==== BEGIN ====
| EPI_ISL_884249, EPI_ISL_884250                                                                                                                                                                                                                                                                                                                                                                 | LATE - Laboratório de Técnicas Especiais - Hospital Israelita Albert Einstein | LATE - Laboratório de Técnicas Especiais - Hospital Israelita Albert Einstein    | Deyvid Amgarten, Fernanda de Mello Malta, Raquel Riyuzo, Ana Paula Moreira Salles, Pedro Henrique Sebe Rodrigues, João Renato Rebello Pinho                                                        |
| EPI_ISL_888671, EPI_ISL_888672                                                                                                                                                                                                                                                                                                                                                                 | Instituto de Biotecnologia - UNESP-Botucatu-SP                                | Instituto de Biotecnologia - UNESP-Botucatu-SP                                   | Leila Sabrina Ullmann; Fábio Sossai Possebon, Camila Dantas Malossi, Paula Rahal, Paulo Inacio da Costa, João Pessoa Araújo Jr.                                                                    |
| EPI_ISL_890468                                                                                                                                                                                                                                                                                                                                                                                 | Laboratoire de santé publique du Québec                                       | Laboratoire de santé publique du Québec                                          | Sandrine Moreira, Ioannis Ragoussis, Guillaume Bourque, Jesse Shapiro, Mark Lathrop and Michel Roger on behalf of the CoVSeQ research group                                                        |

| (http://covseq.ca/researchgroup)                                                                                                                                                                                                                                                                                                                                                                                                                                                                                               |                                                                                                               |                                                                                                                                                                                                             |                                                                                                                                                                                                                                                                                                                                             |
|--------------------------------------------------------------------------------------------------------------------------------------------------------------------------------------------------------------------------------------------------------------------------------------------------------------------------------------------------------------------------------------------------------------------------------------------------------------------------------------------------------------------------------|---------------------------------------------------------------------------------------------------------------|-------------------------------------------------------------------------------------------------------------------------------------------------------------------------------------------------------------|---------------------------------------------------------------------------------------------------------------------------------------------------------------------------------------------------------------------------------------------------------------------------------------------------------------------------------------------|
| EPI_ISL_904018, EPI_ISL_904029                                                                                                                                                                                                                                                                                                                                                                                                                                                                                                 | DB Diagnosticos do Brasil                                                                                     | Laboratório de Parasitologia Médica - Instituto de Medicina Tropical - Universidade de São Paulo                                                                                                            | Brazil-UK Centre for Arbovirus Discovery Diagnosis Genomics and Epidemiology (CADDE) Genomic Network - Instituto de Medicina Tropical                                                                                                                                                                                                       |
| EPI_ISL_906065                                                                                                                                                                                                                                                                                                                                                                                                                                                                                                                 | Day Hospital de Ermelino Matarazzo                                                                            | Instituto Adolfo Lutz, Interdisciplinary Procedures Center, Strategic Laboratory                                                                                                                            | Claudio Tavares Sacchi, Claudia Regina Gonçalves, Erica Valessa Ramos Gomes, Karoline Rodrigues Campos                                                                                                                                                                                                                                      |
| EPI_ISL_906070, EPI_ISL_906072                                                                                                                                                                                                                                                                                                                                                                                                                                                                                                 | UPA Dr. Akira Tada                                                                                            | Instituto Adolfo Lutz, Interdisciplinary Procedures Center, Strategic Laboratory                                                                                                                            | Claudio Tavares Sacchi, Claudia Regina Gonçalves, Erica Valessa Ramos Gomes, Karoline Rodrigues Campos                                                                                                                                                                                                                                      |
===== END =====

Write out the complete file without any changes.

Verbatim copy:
| EPI_ISL_884249, EPI_ISL_884250                                                                                                                                                                                                                                                                                                                                                                 | LATE - Laboratório de Técnicas Especiais - Hospital Israelita Albert Einstein | LATE - Laboratório de Técnicas Especiais - Hospital Israelita Albert Einstein    | Deyvid Amgarten, Fernanda de Mello Malta, Raquel Riyuzo, Ana Paula Moreira Salles, Pedro Henrique Sebe Rodrigues, João Renato Rebello Pinho                                                        |
| EPI_ISL_888671, EPI_ISL_888672                                                                                                                                                                                                                                                                                                                                                                 | Instituto de Biotecnologia - UNESP-Botucatu-SP                                | Instituto de Biotecnologia - UNESP-Botucatu-SP                                   | Leila Sabrina Ullmann; Fábio Sossai Possebon, Camila Dantas Malossi, Paula Rahal, Paulo Inacio da Costa, João Pessoa Araújo Jr.                                                                    |
| EPI_ISL_890468                                                                                                                                                                                                                                                                                                                                                                                 | Laboratoire de santé publique du Québec                                       | Laboratoire de santé publique du Québec                                          | Sandrine Moreira, Ioannis Ragoussis, Guillaume Bourque, Jesse Shapiro, Mark Lathrop and Michel Roger on behalf of the CoVSeQ research group                                                        |

| (http://covseq.ca/researchgroup)                                                                                                                                                                                                                                                                                                                                                                                                                                                                                               |                                                                                                               |                                                                                                                                                                                                             |                                                                                                                                                                                                                                                                                                                                             |
|--------------------------------------------------------------------------------------------------------------------------------------------------------------------------------------------------------------------------------------------------------------------------------------------------------------------------------------------------------------------------------------------------------------------------------------------------------------------------------------------------------------------------------|---------------------------------------------------------------------------------------------------------------|-------------------------------------------------------------------------------------------------------------------------------------------------------------------------------------------------------------|---------------------------------------------------------------------------------------------------------------------------------------------------------------------------------------------------------------------------------------------------------------------------------------------------------------------------------------------|
| EPI_ISL_904018, EPI_ISL_904029                                                                                                                                                                                                                                                                                                                                                                                                                                                                                                 | DB Diagnosticos do Brasil                                                                                     | Laboratório de Parasitologia Médica - Instituto de Medicina Tropical - Universidade de São Paulo                                                                                                            | Brazil-UK Centre for Arbovirus Discovery Diagnosis Genomics and Epidemiology (CADDE) Genomic Network - Instituto de Medicina Tropical                                                                                                                                                                                                       |
| EPI_ISL_906065                                                                                                                                                                                                                                                                                                                                                                                                                                                                                                                 | Day Hospital de Ermelino Matarazzo                                                                            | Instituto Adolfo Lutz, Interdisciplinary Procedures Center, Strategic Laboratory                                                                                                                            | Claudio Tavares Sacchi, Claudia Regina Gonçalves, Erica Valessa Ramos Gomes, Karoline Rodrigues Campos                                                                                                                                                                                                                                      |
| EPI_ISL_906070, EPI_ISL_906072                                                                                                                                                                                                                                                                                                                                                                                                                                                                                                 | UPA Dr. Akira Tada                                                                                            | Instituto Adolfo Lutz, Interdisciplinary Procedures Center, Strategic Laboratory                                                                                                                            | Claudio Tavares Sacchi, Claudia Regina Gonçalves, Erica Valessa Ramos Gomes, Karoline Rodrigues Campos                                                                                                                                                                                                                                      |